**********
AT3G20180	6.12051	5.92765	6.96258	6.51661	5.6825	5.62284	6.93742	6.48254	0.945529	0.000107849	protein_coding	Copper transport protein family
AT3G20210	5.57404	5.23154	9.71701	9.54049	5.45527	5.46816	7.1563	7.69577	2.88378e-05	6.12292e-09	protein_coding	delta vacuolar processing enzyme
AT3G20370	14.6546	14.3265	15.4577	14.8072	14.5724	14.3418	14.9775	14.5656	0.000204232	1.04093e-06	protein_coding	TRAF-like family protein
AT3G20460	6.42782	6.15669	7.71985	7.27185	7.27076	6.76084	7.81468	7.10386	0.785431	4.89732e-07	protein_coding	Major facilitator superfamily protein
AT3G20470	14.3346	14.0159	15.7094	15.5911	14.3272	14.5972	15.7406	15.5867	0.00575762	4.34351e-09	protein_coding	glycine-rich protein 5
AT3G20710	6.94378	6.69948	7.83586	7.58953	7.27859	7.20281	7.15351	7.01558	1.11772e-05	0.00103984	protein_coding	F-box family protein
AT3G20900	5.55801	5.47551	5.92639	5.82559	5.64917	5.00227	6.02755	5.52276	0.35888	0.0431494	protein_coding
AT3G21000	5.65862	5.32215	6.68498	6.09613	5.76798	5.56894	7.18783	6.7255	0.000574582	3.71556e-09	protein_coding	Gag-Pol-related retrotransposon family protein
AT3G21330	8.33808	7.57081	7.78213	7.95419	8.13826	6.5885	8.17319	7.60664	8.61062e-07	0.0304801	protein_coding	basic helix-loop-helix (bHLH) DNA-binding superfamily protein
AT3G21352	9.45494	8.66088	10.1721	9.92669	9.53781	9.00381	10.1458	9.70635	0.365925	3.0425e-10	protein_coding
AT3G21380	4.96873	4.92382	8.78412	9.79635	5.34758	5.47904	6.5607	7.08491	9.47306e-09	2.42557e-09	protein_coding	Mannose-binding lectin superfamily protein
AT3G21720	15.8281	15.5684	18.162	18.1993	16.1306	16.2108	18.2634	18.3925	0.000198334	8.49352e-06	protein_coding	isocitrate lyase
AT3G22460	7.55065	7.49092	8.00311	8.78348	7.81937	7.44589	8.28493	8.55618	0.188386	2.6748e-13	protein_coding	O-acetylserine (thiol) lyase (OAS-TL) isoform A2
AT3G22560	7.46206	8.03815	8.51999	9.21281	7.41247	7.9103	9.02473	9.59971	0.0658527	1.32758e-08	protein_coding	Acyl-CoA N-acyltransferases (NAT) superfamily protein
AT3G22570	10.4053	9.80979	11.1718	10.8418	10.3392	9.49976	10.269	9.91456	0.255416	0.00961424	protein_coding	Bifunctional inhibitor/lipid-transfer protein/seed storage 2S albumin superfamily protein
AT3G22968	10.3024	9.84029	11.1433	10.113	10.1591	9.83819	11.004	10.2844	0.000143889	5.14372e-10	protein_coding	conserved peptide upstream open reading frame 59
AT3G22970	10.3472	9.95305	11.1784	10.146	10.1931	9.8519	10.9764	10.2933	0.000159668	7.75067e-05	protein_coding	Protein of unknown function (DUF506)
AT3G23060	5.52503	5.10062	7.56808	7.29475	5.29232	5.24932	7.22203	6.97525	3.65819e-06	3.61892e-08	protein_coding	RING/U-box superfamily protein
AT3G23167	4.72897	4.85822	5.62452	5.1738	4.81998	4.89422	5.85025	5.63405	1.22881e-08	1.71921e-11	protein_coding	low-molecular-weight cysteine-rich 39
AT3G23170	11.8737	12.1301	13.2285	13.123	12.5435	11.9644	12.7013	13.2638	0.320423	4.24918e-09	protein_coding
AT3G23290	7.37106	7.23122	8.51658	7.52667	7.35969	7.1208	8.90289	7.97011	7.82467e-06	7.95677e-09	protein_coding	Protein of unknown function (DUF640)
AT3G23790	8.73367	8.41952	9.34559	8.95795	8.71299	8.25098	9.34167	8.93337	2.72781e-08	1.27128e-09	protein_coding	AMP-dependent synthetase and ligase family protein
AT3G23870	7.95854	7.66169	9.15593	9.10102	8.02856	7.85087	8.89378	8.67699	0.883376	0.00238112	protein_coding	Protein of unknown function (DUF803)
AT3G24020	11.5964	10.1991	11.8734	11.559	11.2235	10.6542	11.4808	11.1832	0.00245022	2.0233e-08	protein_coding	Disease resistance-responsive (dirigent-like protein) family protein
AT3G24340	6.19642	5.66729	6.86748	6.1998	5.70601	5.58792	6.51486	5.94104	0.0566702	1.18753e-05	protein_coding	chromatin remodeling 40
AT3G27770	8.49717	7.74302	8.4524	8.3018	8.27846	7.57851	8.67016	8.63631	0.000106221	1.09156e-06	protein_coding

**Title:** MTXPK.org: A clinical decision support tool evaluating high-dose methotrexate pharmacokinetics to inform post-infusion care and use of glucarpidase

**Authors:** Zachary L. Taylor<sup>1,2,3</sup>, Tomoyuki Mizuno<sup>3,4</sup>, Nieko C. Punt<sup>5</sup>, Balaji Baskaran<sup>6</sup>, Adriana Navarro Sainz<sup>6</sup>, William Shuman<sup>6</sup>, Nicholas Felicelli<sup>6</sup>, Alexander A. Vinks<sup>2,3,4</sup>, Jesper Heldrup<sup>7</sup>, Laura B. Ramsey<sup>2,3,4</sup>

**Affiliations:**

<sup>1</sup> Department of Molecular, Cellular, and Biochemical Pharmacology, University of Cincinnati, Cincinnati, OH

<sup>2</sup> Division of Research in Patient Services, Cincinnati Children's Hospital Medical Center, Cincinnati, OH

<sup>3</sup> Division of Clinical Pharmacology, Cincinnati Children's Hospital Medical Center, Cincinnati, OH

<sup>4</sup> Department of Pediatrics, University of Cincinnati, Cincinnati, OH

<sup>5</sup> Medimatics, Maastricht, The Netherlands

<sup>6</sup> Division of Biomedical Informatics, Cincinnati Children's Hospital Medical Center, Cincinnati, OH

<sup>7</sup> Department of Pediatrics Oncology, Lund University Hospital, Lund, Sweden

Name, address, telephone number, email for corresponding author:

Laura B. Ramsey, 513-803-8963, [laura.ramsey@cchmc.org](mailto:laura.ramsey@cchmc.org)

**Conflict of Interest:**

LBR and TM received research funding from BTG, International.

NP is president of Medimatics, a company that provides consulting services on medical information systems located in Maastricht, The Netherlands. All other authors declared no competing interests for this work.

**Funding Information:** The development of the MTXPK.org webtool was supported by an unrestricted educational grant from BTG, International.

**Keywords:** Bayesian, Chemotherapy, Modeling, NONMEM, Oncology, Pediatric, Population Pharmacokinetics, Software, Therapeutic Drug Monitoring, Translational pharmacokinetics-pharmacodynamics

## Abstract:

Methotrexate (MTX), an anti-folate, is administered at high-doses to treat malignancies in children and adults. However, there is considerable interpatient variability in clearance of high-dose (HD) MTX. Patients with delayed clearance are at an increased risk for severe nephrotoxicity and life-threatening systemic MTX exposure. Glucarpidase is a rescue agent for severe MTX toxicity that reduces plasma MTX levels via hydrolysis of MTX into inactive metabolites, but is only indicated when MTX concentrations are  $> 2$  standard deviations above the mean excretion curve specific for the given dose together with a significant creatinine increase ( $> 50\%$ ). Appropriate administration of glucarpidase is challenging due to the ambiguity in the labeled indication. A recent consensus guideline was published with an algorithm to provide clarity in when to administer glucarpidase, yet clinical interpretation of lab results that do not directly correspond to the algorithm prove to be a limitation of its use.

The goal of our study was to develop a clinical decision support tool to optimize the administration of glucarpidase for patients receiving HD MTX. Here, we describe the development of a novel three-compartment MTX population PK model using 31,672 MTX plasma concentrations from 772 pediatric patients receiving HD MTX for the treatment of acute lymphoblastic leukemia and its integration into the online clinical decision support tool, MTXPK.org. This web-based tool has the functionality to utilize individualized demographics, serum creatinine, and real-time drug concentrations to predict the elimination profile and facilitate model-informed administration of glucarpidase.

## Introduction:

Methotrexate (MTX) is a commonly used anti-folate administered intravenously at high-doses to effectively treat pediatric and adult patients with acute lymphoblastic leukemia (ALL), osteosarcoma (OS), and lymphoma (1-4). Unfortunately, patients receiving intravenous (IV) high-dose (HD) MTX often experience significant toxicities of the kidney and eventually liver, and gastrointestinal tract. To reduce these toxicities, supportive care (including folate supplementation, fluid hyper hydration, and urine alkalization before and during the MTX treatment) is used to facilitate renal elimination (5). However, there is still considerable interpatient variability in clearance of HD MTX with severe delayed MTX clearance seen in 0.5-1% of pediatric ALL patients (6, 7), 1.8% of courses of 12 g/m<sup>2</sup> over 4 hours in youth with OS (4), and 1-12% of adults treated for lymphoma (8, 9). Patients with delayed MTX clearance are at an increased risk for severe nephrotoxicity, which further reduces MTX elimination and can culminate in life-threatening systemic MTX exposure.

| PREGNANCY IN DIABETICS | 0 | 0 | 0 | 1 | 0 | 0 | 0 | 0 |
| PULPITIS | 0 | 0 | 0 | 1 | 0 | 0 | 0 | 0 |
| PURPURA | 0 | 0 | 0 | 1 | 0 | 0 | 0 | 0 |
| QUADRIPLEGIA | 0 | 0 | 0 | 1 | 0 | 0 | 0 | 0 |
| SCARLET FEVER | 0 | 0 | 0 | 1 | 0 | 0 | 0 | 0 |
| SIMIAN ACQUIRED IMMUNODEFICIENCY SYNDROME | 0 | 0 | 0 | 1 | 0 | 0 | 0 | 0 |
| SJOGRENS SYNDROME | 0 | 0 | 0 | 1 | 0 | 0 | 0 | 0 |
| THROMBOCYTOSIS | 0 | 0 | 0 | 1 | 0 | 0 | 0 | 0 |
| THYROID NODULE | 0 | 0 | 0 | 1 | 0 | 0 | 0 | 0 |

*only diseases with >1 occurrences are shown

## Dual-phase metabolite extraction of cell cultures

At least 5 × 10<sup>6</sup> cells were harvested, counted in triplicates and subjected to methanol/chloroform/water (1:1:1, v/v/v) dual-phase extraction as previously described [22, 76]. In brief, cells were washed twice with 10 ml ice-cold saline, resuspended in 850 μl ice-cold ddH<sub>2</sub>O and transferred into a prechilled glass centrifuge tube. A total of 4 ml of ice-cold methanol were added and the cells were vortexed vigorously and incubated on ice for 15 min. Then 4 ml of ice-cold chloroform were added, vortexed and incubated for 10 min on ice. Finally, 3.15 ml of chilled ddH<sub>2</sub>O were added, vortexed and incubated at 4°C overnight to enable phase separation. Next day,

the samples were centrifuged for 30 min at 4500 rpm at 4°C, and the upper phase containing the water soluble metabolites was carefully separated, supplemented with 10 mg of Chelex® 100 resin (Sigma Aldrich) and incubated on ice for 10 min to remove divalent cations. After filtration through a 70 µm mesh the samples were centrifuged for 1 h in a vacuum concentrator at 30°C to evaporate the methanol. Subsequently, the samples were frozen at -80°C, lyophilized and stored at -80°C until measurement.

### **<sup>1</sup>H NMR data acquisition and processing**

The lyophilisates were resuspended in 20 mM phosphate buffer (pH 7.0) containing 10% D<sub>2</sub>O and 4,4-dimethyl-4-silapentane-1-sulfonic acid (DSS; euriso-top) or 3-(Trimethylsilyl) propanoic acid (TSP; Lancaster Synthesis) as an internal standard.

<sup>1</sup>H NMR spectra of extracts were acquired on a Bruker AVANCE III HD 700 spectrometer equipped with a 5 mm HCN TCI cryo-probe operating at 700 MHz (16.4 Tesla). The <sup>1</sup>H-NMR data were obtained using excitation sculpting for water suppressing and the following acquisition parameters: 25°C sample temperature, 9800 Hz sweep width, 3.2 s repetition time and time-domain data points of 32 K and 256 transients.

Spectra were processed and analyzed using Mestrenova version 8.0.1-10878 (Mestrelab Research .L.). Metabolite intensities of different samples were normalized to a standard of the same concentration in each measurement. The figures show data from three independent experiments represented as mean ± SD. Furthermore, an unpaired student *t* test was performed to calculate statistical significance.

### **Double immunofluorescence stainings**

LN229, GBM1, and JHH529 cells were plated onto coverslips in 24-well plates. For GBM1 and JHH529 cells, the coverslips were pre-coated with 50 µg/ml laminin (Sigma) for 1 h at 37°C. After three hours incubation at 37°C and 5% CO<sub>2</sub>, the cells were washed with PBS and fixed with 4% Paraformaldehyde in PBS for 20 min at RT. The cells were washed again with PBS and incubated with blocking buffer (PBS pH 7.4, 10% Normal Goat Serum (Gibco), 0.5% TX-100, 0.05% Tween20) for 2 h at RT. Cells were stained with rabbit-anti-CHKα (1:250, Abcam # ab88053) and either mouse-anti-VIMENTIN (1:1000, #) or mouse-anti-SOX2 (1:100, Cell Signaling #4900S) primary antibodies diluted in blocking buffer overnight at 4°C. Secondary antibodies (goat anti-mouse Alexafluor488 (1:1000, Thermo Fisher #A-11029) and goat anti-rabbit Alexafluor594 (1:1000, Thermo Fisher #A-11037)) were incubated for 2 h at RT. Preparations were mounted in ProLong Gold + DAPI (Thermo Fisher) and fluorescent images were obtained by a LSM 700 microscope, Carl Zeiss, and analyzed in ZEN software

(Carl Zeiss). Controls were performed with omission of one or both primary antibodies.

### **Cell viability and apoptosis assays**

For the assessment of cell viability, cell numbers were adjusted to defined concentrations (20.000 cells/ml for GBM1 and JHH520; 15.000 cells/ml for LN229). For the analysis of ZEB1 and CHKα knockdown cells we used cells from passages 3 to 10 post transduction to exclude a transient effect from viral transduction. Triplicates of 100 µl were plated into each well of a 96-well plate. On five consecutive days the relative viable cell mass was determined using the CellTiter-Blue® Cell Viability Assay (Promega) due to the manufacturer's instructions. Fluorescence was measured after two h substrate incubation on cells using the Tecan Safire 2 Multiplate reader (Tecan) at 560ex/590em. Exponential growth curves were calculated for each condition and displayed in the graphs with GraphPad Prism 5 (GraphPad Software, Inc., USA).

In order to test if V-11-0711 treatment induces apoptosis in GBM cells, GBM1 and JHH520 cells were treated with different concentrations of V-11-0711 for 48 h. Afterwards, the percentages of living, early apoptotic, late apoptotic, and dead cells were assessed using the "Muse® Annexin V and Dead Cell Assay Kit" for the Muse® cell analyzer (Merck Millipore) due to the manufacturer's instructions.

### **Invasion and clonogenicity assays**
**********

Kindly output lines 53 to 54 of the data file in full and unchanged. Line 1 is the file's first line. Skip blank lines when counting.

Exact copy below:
| SCARLET FEVER | 0 | 0 | 0 | 1 | 0 | 0 | 0 | 0 |
| SIMIAN ACQUIRED IMMUNODEFICIENCY SYNDROME | 0 | 0 | 0 | 1 | 0 | 0 | 0 | 0 |